2017 ISAKOS Biennial Congress ePoster #122
The Epidemiology of Navicular Injuries at the NFL Combine and its Impact on an Athlete’s NFL Career
Bryan Vopat, Overland Park, Kansas UNITED STATES
Brendin Beaulieu-Jones, Hanover, NH UNITED STATES
George Sanchez, Vail, CO UNITED STATES
Kevin Jude McHale, MD
Catherine A. Logan, MD, Vail, CO UNITED STATES
Kyle Patrick Lavery, MD
George H. Theodore, MD, Boston, MA UNITED STATES
Matthew T. Provencher, MD, Vail, CO UNITED STATES
Massachusetts General Hospital, Boston, Massachusetts, UNITED STATES
FDA Status Not Applicable
Navicular injuries were associated with both a significant increase in the probability of not being drafted as well as a significant decrease in the likelihood of competing in at least two NFL seasons when compared to matched controls.
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Navicular injuries can result in persistent pain, post-traumatic osteoarthritis, and diminished performance and function. The purposes of this study were to determine the epidemiology of navicular fractures in players participating in the NFL Scouting Combine and evaluate the impact of a navicular injury on NFL draft position and NFL game play compared to matched controls.
Data was collected on players who previously sustained a navicular injury and participated in the NFL Scouting Combine between 2009 and 2015. The epidemiology of navicular injuries was determined through evaluation of the number of injuries, surgeries and collegiate games missed, as well as position played, physical examination, surgical technique, and imaging findings. Players with a previous navicular injury (2009-2013) were compared to a set of matched controls. NFL performance outcomes included draft position, career length =2 years, and number of games played and started within the first 2 years of NFL career.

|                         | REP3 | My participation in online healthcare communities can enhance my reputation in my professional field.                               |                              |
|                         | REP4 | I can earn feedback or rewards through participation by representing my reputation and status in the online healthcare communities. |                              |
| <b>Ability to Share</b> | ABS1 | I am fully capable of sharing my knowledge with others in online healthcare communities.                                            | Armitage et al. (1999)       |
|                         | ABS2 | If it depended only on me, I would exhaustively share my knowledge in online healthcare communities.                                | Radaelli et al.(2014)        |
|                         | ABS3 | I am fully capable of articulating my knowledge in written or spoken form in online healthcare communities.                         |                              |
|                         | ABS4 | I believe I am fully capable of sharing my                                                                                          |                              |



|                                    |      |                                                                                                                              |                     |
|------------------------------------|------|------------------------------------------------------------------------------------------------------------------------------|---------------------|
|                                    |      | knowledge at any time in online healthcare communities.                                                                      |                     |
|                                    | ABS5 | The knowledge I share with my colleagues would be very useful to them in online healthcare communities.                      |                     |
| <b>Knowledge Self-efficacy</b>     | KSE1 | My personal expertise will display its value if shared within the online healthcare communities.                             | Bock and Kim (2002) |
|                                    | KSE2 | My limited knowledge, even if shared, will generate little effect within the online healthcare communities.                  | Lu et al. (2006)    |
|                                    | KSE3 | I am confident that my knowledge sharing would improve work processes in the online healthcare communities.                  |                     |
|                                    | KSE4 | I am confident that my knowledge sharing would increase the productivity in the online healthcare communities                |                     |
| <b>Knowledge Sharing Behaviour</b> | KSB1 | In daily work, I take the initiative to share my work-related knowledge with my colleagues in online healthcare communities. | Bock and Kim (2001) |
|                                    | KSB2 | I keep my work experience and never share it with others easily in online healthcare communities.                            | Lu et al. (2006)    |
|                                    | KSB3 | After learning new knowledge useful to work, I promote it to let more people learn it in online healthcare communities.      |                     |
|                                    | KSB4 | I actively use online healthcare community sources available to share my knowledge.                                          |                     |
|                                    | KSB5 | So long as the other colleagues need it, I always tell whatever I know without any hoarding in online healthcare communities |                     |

Between 2009 and 2015, 14/2285 (0.6%) players were identified as having navicular injuries. A total of 11/14 (79%) athletes had sustained an overt navicular fracture, while 3/14 (21%) were diagnosed with stress reactions on MRI. Eight patients who sustained a navicular fracture had surgery. There was evidence of ipsilateral talonavicular arthritis in 75% of players with a navicular fracture versus only 60% in the uninjured foot (Odds ratio = 1.3, p=0.04). Fifty-seven percent of players with navicular injuries (72.7% of fractures) were undrafted versus 30.9% in the control group (P< 0.001). When compared to controls, 29% of players with navicular fractures played = 2 years in the NFL compared to 69.6% in the control group (P< 0.01).
A previous navicular fracture results in a greater risk of developing post-traumatic osteoarthritis. Moreover, navicular injuries were associated with both a significant increase in the probability of not being drafted as well as a significant decrease in the likelihood of competing in at least two NFL seasons when compared to matched controls.